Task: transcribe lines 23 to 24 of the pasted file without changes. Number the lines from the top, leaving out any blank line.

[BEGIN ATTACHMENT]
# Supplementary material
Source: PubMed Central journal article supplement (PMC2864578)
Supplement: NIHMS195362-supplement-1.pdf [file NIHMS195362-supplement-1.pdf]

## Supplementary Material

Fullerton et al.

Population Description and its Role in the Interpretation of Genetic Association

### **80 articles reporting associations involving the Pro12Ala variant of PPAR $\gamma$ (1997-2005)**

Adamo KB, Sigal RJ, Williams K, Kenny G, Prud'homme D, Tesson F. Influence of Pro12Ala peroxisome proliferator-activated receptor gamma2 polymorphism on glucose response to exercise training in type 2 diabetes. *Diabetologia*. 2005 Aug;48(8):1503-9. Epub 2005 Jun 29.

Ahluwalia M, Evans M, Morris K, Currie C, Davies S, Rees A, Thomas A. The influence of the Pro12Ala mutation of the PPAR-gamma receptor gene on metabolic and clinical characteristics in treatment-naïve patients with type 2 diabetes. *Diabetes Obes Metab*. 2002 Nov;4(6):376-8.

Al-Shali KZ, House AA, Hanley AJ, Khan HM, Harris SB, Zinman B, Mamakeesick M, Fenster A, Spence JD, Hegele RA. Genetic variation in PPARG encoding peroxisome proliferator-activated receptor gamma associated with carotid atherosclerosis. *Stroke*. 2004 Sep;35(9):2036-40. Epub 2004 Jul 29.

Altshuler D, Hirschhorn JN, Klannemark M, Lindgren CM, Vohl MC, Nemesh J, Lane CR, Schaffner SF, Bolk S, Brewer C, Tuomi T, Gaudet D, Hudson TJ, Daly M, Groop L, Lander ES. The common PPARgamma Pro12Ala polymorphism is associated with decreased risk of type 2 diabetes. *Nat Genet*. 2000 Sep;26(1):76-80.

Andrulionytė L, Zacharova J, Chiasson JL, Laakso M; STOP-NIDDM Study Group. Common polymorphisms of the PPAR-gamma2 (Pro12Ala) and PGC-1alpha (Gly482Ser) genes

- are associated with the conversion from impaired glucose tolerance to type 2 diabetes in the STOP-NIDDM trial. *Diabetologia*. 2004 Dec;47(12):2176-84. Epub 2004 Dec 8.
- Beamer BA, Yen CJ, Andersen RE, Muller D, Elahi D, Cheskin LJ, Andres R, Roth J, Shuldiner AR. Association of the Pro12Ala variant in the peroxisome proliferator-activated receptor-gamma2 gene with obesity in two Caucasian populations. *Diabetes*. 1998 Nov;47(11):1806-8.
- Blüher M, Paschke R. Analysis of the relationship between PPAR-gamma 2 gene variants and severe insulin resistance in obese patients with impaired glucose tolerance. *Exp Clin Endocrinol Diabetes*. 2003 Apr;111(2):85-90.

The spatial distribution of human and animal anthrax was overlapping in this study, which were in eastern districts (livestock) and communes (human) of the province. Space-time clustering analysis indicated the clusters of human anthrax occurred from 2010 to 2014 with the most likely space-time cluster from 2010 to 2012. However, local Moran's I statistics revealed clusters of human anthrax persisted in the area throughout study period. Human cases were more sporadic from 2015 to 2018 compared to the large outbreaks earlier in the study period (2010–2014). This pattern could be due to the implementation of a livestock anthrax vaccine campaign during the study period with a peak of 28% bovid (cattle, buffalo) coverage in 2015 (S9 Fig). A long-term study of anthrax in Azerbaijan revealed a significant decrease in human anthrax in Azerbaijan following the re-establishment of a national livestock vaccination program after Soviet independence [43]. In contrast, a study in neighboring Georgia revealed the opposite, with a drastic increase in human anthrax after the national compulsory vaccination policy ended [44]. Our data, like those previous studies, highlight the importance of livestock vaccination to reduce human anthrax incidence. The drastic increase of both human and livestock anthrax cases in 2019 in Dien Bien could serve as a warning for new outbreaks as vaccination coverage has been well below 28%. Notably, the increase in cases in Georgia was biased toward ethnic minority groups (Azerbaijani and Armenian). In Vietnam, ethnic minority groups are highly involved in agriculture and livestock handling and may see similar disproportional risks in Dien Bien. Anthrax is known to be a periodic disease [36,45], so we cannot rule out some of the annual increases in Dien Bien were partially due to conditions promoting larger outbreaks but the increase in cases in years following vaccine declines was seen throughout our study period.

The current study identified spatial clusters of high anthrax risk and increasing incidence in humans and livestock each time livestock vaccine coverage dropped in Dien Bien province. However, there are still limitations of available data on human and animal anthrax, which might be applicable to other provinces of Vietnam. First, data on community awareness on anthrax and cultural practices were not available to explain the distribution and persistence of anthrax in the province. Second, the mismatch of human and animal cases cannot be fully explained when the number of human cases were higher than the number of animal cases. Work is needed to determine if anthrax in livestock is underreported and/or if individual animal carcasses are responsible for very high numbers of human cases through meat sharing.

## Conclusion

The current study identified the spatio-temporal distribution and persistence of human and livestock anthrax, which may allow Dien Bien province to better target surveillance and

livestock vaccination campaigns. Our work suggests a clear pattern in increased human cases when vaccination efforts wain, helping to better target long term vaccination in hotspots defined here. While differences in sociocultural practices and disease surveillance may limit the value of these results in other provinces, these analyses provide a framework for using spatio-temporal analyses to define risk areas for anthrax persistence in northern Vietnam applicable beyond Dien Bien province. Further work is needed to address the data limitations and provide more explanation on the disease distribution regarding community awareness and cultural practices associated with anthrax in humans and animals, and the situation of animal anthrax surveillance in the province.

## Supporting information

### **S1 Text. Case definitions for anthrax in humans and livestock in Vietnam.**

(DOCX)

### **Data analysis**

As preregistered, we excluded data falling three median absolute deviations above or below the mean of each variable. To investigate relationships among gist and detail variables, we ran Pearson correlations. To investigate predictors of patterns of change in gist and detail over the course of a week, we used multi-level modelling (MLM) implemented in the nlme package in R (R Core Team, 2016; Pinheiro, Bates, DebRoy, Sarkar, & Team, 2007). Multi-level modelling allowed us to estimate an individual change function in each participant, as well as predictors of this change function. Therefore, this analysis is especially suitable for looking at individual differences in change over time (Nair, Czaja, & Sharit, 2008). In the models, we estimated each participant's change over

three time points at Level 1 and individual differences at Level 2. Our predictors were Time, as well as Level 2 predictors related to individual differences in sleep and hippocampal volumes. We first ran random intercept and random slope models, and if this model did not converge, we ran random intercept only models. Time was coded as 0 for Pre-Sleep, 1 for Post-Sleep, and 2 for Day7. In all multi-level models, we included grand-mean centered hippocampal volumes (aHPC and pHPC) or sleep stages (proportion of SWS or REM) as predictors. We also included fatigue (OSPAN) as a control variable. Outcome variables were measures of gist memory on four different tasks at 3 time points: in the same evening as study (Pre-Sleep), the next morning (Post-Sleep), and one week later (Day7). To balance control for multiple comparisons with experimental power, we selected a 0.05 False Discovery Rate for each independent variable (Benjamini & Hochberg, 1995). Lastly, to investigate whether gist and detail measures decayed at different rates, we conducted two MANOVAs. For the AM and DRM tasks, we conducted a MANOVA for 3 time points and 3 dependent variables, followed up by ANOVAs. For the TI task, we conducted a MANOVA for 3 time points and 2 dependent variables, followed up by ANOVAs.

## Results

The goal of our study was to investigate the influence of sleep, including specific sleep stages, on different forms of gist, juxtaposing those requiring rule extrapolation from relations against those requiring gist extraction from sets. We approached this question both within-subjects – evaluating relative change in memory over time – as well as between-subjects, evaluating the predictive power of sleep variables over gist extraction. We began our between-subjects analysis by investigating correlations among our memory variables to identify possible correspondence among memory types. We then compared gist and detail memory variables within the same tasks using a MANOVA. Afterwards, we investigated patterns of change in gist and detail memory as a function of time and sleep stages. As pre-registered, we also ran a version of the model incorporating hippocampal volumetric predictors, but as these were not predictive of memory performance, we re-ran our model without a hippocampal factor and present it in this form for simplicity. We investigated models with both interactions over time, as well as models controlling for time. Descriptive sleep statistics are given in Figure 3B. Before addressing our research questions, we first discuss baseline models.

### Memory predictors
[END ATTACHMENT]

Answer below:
(DOCX)

### **Data analysis**